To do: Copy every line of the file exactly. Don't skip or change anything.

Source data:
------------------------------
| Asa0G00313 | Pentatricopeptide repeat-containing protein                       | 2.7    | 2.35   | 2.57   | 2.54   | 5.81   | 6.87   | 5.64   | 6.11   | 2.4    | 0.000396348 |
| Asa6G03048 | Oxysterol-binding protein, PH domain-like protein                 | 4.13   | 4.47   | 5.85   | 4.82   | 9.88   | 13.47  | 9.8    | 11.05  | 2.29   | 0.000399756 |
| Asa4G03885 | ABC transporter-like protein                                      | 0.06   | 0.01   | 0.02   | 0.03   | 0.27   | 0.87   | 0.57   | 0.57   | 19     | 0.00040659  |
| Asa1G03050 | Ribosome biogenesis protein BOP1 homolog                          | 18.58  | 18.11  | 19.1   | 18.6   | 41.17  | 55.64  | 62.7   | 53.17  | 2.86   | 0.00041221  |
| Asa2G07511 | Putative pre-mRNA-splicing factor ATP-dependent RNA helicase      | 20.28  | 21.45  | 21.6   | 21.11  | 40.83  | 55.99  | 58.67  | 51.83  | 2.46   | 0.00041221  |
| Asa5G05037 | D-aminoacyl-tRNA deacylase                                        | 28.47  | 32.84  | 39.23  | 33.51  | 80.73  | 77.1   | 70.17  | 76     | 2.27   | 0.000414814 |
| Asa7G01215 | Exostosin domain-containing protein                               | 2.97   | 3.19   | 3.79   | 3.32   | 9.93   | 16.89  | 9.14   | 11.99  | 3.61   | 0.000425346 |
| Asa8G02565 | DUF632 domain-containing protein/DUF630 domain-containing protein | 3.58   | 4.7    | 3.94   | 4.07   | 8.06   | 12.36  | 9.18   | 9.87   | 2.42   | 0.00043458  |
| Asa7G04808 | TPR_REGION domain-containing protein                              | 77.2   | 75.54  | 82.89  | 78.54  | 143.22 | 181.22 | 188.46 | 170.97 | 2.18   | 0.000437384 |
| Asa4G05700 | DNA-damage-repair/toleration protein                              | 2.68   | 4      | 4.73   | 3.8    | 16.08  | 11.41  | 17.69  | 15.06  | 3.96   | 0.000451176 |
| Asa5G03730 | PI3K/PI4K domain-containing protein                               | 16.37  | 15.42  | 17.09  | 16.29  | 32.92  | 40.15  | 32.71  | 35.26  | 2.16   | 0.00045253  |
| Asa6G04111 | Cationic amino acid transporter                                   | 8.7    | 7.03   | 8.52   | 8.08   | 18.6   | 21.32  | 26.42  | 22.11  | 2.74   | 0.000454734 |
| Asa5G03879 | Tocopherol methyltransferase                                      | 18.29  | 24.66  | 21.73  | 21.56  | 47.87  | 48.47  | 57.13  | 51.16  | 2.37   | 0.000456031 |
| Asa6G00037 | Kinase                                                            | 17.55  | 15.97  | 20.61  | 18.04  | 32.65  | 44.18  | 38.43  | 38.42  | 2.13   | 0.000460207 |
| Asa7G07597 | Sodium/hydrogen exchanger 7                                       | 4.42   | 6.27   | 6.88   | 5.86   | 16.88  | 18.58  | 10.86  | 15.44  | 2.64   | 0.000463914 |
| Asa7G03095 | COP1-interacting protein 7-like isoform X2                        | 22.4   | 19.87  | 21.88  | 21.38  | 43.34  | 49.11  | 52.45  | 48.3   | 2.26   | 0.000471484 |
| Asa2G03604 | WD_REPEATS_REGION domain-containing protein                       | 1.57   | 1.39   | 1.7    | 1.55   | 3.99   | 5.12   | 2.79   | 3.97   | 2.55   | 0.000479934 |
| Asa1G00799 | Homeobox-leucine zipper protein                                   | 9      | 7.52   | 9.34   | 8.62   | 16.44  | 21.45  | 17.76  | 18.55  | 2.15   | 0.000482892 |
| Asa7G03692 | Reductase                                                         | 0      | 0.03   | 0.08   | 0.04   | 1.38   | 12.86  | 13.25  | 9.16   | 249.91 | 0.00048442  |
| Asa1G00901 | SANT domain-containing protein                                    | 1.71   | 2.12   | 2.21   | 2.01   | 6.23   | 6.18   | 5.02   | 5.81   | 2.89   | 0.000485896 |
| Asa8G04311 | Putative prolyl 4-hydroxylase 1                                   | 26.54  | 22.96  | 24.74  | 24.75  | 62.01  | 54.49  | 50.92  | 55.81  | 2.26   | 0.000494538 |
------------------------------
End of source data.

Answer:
| Asa0G00313 | Pentatricopeptide repeat-containing protein                       | 2.7    | 2.35   | 2.57   | 2.54   | 5.81   | 6.87   | 5.64   | 6.11   | 2.4    | 0.000396348 |
| Asa6G03048 | Oxysterol-binding protein, PH domain-like protein                 | 4.13   | 4.47   | 5.85   | 4.82   | 9.88   | 13.47  | 9.8    | 11.05  | 2.29   | 0.000399756 |
| Asa4G03885 | ABC transporter-like protein                                      | 0.06   | 0.01   | 0.02   | 0.03   | 0.27   | 0.87   | 0.57   | 0.57   | 19     | 0.00040659  |
| Asa1G03050 | Ribosome biogenesis protein BOP1 homolog                          | 18.58  | 18.11  | 19.1   | 18.6   | 41.17  | 55.64  | 62.7   | 53.17  | 2.86   | 0.00041221  |
| Asa2G07511 | Putative pre-mRNA-splicing factor ATP-dependent RNA helicase      | 20.28  | 21.45  | 21.6   | 21.11  | 40.83  | 55.99  | 58.67  | 51.83  | 2.46   | 0.00041221  |
| Asa5G05037 | D-aminoacyl-tRNA deacylase                                        | 28.47  | 32.84  | 39.23  | 33.51  | 80.73  | 77.1   | 70.17  | 76     | 2.27   | 0.000414814 |
| Asa7G01215 | Exostosin domain-containing protein                               | 2.97   | 3.19   | 3.79   | 3.32   | 9.93   | 16.89  | 9.14   | 11.99  | 3.61   | 0.000425346 |
| Asa8G02565 | DUF632 domain-containing protein/DUF630 domain-containing protein | 3.58   | 4.7    | 3.94   | 4.07   | 8.06   | 12.36  | 9.18   | 9.87   | 2.42   | 0.00043458  |
| Asa7G04808 | TPR_REGION domain-containing protein                              | 77.2   | 75.54  | 82.89  | 78.54  | 143.22 | 181.22 | 188.46 | 170.97 | 2.18   | 0.000437384 |
| Asa4G05700 | DNA-damage-repair/toleration protein                              | 2.68   | 4      | 4.73   | 3.8    | 16.08  | 11.41  | 17.69  | 15.06  | 3.96   | 0.000451176 |
| Asa5G03730 | PI3K/PI4K domain-containing protein                               | 16.37  | 15.42  | 17.09  | 16.29  | 32.92  | 40.15  | 32.71  | 35.26  | 2.16   | 0.00045253  |
| Asa6G04111 | Cationic amino acid transporter                                   | 8.7    | 7.03   | 8.52   | 8.08   | 18.6   | 21.32  | 26.42  | 22.11  | 2.74   | 0.000454734 |
| Asa5G03879 | Tocopherol methyltransferase                                      | 18.29  | 24.66  | 21.73  | 21.56  | 47.87  | 48.47  | 57.13  | 51.16  | 2.37   | 0.000456031 |
| Asa6G00037 | Kinase                                                            | 17.55  | 15.97  | 20.61  | 18.04  | 32.65  | 44.18  | 38.43  | 38.42  | 2.13   | 0.000460207 |
| Asa7G07597 | Sodium/hydrogen exchanger 7                                       | 4.42   | 6.27   | 6.88   | 5.86   | 16.88  | 18.58  | 10.86  | 15.44  | 2.64   | 0.000463914 |
| Asa7G03095 | COP1-interacting protein 7-like isoform X2                        | 22.4   | 19.87  | 21.88  | 21.38  | 43.34  | 49.11  | 52.45  | 48.3   | 2.26   | 0.000471484 |
| Asa2G03604 | WD_REPEATS_REGION domain-containing protein                       | 1.57   | 1.39   | 1.7    | 1.55   | 3.99   | 5.12   | 2.79   | 3.97   | 2.55   | 0.000479934 |
| Asa1G00799 | Homeobox-leucine zipper protein                                   | 9      | 7.52   | 9.34   | 8.62   | 16.44  | 21.45  | 17.76  | 18.55  | 2.15   | 0.000482892 |
| Asa7G03692 | Reductase                                                         | 0      | 0.03   | 0.08   | 0.04   | 1.38   | 12.86  | 13.25  | 9.16   | 249.91 | 0.00048442  |
| Asa1G00901 | SANT domain-containing protein                                    | 1.71   | 2.12   | 2.21   | 2.01   | 6.23   | 6.18   | 5.02   | 5.81   | 2.89   | 0.000485896 |
| Asa8G04311 | Putative prolyl 4-hydroxylase 1                                   | 26.54  | 22.96  | 24.74  | 24.75  | 62.01  | 54.49  | 50.92  | 55.81  | 2.26   | 0.000494538 |